On his impressions of the election so far, he said: “I don’t want to depend on rumours, we will rather wait for INEC to announce the results.”
By 12:45 a.m. today when the INEC concluded the collation of the results of the presidential election in 12 states, Buhari was leading Atiku. The collation was adjourned until 10:00 a.m. today.
As the election results were being collated yesterday, some observer groups were releasing their reports on the conduct of the polls.
The Commonwealth Observation Group (COG) condemned the violence that characterised the exercise in some parts of the country.
At a press conference yesterday in Abuja to present an initial report of its findings, the group led by former President of the Republic of Tanzania, Dr. Jakaye Kikwete, called for prosecution of perpetrators of the violence.
Kikwete, who maintained that violence had no place in a modern democracy, insisted that “those responsible should be brought to book.”
According to him, Nigeria is a key member of the Commonwealth and the elections conducted across the country were significant exercises.
Kikwete said that it was observed that the Nigerian environment was highly charged with security breaches and records of violence in some parts of the nation.
He lamented that the observers deployed across various states, including Kano, Kaduna, Lagos, Rivers and the Federal Capital Territory (FCT) reported delay in the commencement of the elections in some areas.
He stated that even though INEC authorised the extension of time, the information was not properly managed, resulting in the disenfranchisement of many Nigerians.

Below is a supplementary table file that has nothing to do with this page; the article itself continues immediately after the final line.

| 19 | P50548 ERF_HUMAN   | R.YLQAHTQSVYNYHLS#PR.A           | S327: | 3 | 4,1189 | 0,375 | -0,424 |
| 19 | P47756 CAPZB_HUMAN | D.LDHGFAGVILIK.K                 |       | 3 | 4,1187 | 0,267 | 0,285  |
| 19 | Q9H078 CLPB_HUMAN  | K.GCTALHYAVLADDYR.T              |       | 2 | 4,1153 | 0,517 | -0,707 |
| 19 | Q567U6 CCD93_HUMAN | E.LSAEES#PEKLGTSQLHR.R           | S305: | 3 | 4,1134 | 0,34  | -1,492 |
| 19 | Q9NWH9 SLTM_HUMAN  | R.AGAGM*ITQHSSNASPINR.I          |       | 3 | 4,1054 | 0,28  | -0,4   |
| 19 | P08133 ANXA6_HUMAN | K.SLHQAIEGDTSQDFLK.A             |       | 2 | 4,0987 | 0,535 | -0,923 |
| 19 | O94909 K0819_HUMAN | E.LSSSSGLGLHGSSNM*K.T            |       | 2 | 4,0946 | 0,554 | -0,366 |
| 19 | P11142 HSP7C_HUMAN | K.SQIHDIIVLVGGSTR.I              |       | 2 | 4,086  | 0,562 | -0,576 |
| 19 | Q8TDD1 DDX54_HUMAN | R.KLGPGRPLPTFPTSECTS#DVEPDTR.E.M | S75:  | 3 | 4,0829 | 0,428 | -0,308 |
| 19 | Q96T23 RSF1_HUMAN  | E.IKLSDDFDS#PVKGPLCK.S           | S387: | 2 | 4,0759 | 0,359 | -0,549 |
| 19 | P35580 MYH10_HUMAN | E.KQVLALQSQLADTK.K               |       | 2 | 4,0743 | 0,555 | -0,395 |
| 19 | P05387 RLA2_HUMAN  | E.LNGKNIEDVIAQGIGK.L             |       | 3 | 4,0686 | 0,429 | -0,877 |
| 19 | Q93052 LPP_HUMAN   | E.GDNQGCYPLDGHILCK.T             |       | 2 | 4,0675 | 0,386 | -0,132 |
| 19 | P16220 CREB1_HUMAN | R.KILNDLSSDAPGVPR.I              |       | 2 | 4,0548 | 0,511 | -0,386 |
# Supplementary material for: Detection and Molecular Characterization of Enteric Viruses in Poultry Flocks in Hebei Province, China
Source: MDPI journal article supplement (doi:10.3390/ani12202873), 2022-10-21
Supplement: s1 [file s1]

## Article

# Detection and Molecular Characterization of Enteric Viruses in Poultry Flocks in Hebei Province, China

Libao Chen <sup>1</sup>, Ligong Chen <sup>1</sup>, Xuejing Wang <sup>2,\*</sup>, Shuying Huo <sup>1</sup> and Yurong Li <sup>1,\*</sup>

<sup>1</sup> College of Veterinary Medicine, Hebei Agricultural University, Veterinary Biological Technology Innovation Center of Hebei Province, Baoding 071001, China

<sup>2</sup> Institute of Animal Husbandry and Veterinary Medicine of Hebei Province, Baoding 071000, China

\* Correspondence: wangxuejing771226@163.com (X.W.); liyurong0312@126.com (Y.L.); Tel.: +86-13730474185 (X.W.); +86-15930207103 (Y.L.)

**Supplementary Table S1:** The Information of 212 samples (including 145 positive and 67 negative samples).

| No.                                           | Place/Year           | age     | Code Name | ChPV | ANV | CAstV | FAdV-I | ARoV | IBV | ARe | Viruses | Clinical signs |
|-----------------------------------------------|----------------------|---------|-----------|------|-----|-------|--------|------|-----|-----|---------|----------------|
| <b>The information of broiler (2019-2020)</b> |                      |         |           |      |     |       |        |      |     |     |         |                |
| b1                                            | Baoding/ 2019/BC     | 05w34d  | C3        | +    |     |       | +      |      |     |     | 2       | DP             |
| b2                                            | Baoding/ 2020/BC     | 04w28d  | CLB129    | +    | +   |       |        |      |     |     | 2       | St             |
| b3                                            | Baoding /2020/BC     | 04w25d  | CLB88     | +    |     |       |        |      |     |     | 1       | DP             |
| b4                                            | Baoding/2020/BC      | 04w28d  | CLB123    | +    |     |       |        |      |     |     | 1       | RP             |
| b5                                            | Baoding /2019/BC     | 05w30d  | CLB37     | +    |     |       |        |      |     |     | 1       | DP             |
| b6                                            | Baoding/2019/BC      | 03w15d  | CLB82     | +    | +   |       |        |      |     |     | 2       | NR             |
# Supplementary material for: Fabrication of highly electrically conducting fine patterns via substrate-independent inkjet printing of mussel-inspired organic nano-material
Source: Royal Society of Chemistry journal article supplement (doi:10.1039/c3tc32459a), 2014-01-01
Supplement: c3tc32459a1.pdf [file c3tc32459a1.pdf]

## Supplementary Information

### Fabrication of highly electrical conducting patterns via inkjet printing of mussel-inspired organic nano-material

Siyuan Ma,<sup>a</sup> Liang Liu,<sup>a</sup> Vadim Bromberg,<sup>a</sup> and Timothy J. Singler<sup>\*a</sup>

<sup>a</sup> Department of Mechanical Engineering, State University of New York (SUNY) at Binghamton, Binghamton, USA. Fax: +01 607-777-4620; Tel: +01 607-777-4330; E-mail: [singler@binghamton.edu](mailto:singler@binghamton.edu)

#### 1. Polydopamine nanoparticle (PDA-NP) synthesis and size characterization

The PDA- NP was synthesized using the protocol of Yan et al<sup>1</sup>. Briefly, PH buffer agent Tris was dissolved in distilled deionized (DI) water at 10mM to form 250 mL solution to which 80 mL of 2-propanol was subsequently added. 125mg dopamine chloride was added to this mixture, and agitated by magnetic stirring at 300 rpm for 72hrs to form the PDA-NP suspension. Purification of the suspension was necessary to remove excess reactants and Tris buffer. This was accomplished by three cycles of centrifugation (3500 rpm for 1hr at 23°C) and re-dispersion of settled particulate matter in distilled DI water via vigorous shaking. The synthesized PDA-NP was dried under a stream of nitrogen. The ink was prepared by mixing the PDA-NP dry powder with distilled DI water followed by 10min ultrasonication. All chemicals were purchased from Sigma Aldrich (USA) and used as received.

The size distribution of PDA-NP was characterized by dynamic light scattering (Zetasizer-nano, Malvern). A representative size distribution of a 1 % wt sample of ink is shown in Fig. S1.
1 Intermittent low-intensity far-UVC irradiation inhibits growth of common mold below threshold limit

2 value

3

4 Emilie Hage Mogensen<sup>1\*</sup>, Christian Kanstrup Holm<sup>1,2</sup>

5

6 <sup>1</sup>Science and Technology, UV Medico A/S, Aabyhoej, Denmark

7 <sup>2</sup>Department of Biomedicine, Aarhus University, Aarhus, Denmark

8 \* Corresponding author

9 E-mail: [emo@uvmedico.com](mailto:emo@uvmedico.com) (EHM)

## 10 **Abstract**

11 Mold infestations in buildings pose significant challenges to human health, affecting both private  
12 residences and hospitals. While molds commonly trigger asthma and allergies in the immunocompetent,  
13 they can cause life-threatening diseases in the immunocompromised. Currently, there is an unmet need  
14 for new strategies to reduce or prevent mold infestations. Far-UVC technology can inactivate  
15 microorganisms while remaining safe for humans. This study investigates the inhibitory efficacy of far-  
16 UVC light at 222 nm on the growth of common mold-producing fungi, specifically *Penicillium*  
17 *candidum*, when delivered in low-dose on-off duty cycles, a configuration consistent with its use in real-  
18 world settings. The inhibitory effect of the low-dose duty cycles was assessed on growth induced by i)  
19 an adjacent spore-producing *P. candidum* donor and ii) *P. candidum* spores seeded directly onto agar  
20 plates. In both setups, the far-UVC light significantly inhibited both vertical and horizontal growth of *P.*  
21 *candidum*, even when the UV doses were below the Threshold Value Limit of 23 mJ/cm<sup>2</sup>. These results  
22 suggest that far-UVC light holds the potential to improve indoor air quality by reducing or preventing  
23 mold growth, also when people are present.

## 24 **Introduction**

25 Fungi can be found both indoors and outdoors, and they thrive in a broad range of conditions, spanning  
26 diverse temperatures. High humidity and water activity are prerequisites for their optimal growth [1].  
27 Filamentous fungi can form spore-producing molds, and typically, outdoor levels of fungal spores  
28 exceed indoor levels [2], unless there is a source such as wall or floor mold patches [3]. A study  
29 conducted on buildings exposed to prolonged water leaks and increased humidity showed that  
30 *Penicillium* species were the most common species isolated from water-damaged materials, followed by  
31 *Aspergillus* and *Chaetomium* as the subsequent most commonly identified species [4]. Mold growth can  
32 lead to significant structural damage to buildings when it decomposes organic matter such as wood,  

Other observations include the intimidation of polling staff, inability of Nigerian election monitors to vote and malfunctioning of smart card readers in some areas across the country.
He, however, observed that the process of counting of ballots at the polling units was transparent.
“We acknowledge the important roles of the police and other security agencies in protecting voters. This was a highly contested election. There was an increase in the number of contestants.
“Although the atmosphere was tensed, general freedom of movement was observed. There was also an increase in the number of female contestants. About 500 women vied for elective positions,” Kikwete stated.
The group, which admitted that electoral reform is a gradual process, noted that there were lots of logistics problems which adversely affected the process.
It commended the youth corps members who served at the polling booths, saying they performed their duties with excitement.
According to the group, about 10.9 million persons, representing 13 per cent of all the registered voters could not vote.
On the pockets of violence witnessed in some areas, the Commonwealth said: “Election related violence and loss of life, which occurred in a number of places, is deeply troubling. Nigeria can do better. Violence has no place in a modern democracy. Those responsible should be held accountable. We encourage all political parties to honour their commitments in the national peace accord and reject violence.
“We welcome the passing of the Not Too Young To Run Act (2018) as a significant first step to enabling youth participation in all elective offices. We hope additional ways will be found to enable more young people to participate effectively in future elections as candidates and voters. We commend the youth of Nigeria, especially the National Youth Service Corps (NYSC), for their invaluable contribution to the electoral process.”
The group said it was impressed by the hard work and dedication of polling staff, noting that many would have benefitted from more comprehensive training in polling procedures.
“In some places, the layout of polling units, including the positioning of voting booths, potentially compromised the secrecy of the ballot while its observers spotted incorrect labelling and failure to seal the ballot boxes correctly, including lack of signage within polling units which caused some confusion.”
The group said its final report would contain its recommendations that might be helpful to INEC and other stakeholders in strengthening Nigeria’s democracy.